In the summer of 2015, Colin and his family were walking on a beach in Maine at the end of a college-tour-turned-family-vacation. Colin had just finished his junior year of high school and was preparing to pursue an education in circus performance, building upon his longtime passion for juggling.
Suddenly, Colin dropped his sandals and walked away from his parents. The next thing he remembers is waking up to an EMT holding him and asking who was the current president. To Colin, it seemed like no time had passed, but his mom, Michelle, says it took a full hour for him to recover from the seizure. Colin was brought to the emergency room where doctors performed an MRI and diagnosed him with vertigo, reassuring the family that he should feel better soon.
The next day, as Colin and his family prepared to return to Texas, he had another episode in the airport, followed by two more once they returned home, and finally, a grand mal seizure in his family’s living room – all within three days from his first incident.
A diagnosis and search for solutions
Colin’s parents brought him to a neurologist in their hometown of Frisco, where he was diagnosed with epilepsy. Colin began taking medication to control his seizures, but his doctor couldn’t determine their cause. Colin’s seizures became more frequent, so in December 2015, his physician referred him to Rana Said, M.D., a neurologist and epileptologist at Children’s Health℠
Colin finished the remainder of his senior year controlling his seizures through medication taken three times a day, but he struggled to maintain focus in class. Just before graduation in May, Colin had four grand mal seizures. Dr. Said adjusted his medication to get him through the ceremony so he could accept his diploma, but he does not remember much about the day.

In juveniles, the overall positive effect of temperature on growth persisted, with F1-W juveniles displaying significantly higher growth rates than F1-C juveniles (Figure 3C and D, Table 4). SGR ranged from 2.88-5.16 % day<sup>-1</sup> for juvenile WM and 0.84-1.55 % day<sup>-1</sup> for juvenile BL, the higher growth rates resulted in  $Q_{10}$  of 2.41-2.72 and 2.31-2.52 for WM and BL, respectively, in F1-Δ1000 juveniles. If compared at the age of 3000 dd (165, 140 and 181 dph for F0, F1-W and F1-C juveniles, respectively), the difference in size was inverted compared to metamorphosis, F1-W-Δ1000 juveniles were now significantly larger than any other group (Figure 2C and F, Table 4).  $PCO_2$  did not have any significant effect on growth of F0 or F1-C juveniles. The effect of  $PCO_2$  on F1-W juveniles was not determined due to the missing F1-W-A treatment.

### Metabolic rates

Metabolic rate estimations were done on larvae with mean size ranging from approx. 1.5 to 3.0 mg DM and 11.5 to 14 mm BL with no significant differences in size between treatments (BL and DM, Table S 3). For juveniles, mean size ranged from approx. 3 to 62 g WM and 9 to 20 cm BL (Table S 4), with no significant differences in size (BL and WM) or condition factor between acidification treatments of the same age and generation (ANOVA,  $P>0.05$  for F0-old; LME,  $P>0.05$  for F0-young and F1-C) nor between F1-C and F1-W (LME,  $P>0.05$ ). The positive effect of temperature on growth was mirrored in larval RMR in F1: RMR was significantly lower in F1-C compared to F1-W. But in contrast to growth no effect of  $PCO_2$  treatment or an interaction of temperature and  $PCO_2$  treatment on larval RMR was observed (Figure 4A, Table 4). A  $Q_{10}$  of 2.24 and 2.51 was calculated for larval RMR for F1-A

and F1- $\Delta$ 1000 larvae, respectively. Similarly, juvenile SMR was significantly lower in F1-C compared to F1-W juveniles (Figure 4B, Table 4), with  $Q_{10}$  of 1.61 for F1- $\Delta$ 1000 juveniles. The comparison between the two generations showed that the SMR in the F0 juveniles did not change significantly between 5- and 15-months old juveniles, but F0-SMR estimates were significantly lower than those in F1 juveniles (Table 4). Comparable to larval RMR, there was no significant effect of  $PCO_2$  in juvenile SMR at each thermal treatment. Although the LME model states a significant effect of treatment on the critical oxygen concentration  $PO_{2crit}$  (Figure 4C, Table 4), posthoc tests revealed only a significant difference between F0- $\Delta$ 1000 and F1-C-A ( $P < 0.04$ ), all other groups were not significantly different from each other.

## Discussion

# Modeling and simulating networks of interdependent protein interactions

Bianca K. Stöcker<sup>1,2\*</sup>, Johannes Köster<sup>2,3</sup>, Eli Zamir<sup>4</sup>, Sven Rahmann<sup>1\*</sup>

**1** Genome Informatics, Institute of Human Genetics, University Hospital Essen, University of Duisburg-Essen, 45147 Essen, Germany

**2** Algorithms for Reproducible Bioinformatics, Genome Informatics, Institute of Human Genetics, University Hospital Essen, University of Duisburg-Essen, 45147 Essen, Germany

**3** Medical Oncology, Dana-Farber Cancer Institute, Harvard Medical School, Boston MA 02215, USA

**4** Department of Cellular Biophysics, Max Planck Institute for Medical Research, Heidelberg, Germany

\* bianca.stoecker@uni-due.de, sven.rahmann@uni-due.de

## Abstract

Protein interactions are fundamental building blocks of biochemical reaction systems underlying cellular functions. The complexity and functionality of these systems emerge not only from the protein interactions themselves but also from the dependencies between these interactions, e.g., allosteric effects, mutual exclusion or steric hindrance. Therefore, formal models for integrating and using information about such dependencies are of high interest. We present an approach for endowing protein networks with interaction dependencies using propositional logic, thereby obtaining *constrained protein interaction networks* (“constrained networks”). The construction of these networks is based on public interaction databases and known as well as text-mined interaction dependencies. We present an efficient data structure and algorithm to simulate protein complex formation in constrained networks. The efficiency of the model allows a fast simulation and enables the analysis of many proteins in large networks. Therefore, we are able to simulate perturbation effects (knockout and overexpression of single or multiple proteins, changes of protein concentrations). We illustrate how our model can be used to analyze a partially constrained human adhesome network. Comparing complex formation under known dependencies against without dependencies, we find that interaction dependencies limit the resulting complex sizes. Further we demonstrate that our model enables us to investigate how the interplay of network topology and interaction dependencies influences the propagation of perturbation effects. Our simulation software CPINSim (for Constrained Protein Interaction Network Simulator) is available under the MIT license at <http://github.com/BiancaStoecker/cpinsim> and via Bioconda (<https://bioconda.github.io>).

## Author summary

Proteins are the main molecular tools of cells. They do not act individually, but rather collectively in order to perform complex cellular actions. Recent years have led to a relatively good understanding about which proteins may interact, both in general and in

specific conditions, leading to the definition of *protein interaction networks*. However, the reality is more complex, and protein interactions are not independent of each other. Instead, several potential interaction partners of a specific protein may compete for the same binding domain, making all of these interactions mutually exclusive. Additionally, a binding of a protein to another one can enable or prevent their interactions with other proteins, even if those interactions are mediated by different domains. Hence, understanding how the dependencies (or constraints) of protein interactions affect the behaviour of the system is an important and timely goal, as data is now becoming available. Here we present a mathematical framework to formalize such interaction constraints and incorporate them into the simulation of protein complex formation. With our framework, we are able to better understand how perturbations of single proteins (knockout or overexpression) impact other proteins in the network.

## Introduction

Colin’s first semester at college is cut short
The following summer, Colin was mostly seizure free as he prepared to start his freshman year at a local university. His school year started off fairly uneventful, but after a few weeks, he began having memory issues and became easily confused. He often got lost on campus even though his father had walked him to and from all the places he would need to go around campus during orientation.
“He wasn’t having seizures,” says Michelle. “But something just wasn’t right.”
In October 2016, an MRI revealed that a significant portion of Colin’s frontal lobe was swollen and an EEG detected abnormal electrical activity in his brain. Colin withdrew from classes, and began a new treatment to address the abnormality.
A successful surgery allows Colin to attend camp
Colin’s seizures stayed under control until early 2017, when he had another grand mal seizure. He started having trouble getting through the day without having a seizure, so Dr. Said spread his medication out to seven times throughout the day. It worked for a while, but in June 2017, Dr. Said concluded that medication was not enough. She recommended that Colin get a vagus nerve stimulator (VNS), a device that acts similar to a pacemaker to help control seizures.